Currently the Department of Defense (DoD) does not use exposure biomarkers to measure service members' exposure to environmental chemicals. Blood and urine exposure biomarkers for volatile organic compounds (VOC), selected heavy metals, depleted uranium (DU), and chemical warfare agents are currently available but have not been field tested or validated by the DoD in military deployments as a tool to document exposures. The Military Deployment Human Exposure Assessment Study, a prospective cohort of 46 soldiers deployed to Bosnia, was designed to field test blood and urine exposure biomarkers as a mechanism to document exposures to these chemicals during military deployments. Blood and urine were collected before, during, and after deployment. Standard questionnaire, environmental, and occupational monitoring data collection methods were conducted for comparison to the exposure biomarker results. This article compares and reports the pre-, during, and postdeployment urine total and isotopic uranium measurements and compares them to perceived exposures captured on questionnaire, to environmental data collected by the United Nations Environmental Program in Bosnia, and to standard U.S. urine uranium reference levels (CDC, 2003). Additionally, the questionnaire and environmental and occupational measurements are reported. The results of the study indicate that exposure biomarkers may be a valuable tool to the DoD in exposure and risk assessment with regard to environmental and occupational exposures to uranium.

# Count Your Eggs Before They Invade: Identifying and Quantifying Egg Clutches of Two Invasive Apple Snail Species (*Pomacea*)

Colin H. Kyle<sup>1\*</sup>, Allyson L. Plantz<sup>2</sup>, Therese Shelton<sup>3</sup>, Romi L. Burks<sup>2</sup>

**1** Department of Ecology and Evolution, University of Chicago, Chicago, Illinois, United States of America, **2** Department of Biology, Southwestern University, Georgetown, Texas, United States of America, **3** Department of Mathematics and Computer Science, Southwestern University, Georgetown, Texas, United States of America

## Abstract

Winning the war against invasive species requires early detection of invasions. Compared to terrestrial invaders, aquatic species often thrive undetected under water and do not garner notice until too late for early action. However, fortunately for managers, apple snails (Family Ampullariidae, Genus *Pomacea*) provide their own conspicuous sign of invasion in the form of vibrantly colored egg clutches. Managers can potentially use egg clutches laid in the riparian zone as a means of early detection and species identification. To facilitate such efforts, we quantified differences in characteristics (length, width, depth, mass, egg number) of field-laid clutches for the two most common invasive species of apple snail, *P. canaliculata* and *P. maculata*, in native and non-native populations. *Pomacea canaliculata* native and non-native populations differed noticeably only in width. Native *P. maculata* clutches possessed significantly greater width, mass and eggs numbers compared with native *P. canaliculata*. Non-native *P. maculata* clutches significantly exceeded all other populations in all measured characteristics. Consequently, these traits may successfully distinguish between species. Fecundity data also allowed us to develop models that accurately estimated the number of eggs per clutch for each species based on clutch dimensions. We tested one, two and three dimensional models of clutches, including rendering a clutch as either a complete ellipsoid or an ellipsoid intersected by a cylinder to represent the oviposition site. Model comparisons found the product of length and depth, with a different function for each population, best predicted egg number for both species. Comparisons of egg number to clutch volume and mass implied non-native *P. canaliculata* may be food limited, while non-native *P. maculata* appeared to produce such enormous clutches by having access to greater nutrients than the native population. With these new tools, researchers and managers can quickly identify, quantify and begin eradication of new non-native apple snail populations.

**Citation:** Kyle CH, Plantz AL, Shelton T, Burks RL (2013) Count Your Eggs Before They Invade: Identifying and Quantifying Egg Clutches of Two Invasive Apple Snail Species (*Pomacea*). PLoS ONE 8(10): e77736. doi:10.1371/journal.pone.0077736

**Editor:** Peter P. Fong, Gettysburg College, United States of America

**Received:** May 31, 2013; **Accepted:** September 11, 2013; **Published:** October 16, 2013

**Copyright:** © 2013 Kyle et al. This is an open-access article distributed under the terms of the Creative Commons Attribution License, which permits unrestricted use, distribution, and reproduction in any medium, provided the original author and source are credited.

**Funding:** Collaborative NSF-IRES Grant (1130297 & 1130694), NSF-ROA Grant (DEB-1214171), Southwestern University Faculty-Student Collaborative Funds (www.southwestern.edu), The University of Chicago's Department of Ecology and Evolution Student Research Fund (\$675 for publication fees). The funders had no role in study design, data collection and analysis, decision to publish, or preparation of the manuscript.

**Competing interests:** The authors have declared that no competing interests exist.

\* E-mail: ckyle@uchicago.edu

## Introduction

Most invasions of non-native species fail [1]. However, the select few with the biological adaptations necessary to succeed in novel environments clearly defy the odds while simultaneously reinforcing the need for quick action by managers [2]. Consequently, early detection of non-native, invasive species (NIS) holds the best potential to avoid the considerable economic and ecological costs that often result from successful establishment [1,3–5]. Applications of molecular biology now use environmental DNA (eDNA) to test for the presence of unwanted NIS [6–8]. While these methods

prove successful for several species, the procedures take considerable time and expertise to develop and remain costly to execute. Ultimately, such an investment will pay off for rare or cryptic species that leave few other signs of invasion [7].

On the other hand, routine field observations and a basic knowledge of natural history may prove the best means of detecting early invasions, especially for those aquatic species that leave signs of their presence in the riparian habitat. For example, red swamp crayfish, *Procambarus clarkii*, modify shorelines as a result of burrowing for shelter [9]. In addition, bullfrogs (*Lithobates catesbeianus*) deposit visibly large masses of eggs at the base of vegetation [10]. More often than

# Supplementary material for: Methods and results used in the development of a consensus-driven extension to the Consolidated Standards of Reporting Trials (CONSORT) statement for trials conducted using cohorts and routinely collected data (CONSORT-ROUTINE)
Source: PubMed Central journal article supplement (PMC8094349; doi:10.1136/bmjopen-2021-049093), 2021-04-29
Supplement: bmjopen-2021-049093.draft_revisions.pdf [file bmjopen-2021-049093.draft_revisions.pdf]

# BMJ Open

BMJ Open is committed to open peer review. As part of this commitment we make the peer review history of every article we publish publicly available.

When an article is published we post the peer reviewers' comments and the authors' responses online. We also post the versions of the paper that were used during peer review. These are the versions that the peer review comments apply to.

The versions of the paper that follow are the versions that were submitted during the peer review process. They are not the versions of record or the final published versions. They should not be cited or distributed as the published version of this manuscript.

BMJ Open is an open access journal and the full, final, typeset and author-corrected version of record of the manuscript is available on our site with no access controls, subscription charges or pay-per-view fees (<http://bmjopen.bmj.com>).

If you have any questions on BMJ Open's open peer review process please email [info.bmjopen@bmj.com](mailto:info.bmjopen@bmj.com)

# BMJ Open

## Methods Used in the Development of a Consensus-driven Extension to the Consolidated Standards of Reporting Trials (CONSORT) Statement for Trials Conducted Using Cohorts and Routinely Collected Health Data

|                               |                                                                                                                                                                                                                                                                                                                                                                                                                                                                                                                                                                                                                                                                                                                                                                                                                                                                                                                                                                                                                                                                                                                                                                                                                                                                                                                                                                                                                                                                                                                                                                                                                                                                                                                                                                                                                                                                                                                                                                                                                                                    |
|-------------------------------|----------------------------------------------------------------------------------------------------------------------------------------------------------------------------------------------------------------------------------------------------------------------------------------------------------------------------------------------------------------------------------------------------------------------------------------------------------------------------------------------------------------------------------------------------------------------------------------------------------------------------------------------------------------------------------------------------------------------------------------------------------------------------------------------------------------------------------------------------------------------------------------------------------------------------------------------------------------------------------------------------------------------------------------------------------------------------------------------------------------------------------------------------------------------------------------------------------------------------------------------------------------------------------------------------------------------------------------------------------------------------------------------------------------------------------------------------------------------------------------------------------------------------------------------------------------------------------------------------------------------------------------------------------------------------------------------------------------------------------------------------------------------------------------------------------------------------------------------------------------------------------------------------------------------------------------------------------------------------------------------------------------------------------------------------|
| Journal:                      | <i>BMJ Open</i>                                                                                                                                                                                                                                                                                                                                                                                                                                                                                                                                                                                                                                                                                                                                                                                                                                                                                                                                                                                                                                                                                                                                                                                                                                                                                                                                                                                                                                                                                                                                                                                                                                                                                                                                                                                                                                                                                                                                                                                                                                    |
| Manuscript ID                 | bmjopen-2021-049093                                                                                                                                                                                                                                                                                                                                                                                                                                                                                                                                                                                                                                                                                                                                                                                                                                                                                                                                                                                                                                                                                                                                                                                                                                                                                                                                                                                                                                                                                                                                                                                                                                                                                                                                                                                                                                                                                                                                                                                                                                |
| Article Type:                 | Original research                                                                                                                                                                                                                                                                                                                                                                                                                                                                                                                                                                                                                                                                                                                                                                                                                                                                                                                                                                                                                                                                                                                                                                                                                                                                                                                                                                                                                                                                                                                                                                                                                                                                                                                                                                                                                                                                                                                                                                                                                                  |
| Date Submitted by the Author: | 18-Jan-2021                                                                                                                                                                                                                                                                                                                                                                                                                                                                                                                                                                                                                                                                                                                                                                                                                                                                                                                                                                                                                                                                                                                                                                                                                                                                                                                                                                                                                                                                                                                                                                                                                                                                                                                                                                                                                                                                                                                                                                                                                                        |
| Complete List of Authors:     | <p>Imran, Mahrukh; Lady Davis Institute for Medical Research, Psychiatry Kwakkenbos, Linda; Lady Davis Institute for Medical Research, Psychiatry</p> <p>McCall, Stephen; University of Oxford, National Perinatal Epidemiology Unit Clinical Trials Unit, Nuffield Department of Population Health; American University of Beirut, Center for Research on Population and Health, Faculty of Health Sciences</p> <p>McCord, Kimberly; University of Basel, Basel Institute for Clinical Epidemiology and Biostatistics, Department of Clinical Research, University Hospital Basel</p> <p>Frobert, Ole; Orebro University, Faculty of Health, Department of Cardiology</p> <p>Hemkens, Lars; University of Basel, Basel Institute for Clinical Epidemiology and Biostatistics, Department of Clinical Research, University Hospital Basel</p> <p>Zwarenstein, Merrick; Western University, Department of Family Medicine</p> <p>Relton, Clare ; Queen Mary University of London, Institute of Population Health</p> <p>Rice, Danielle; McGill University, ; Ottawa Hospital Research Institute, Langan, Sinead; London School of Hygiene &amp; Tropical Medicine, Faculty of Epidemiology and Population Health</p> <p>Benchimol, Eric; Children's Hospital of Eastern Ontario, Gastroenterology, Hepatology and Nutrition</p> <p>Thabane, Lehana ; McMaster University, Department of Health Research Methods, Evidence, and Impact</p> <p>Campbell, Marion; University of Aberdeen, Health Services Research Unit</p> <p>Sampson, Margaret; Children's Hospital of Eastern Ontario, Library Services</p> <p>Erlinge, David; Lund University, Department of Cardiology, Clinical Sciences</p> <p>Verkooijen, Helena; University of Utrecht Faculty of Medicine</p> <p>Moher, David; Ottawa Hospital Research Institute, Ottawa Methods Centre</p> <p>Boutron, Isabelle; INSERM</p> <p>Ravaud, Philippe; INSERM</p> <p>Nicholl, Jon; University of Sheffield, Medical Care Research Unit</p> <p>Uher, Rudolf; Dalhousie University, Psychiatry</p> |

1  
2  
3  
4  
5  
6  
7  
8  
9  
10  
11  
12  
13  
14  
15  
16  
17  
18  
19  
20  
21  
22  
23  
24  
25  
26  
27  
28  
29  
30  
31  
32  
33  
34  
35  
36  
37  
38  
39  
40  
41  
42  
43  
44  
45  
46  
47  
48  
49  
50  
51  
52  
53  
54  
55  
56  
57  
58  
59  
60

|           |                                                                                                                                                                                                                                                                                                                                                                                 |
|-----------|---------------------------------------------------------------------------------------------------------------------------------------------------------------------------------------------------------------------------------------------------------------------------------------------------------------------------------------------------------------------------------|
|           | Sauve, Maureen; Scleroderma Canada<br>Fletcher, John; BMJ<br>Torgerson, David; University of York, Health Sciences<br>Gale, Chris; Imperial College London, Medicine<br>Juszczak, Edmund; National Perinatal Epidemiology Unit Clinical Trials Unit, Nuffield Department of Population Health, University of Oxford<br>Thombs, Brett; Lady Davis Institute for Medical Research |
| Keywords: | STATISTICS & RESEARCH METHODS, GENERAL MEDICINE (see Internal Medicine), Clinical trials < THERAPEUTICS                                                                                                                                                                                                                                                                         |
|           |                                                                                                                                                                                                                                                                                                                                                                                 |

|Number of pages||18|
|Journal||Journal of Toxicology and Environmental Health - Part A|
|State||Published - 23 Apr 2004|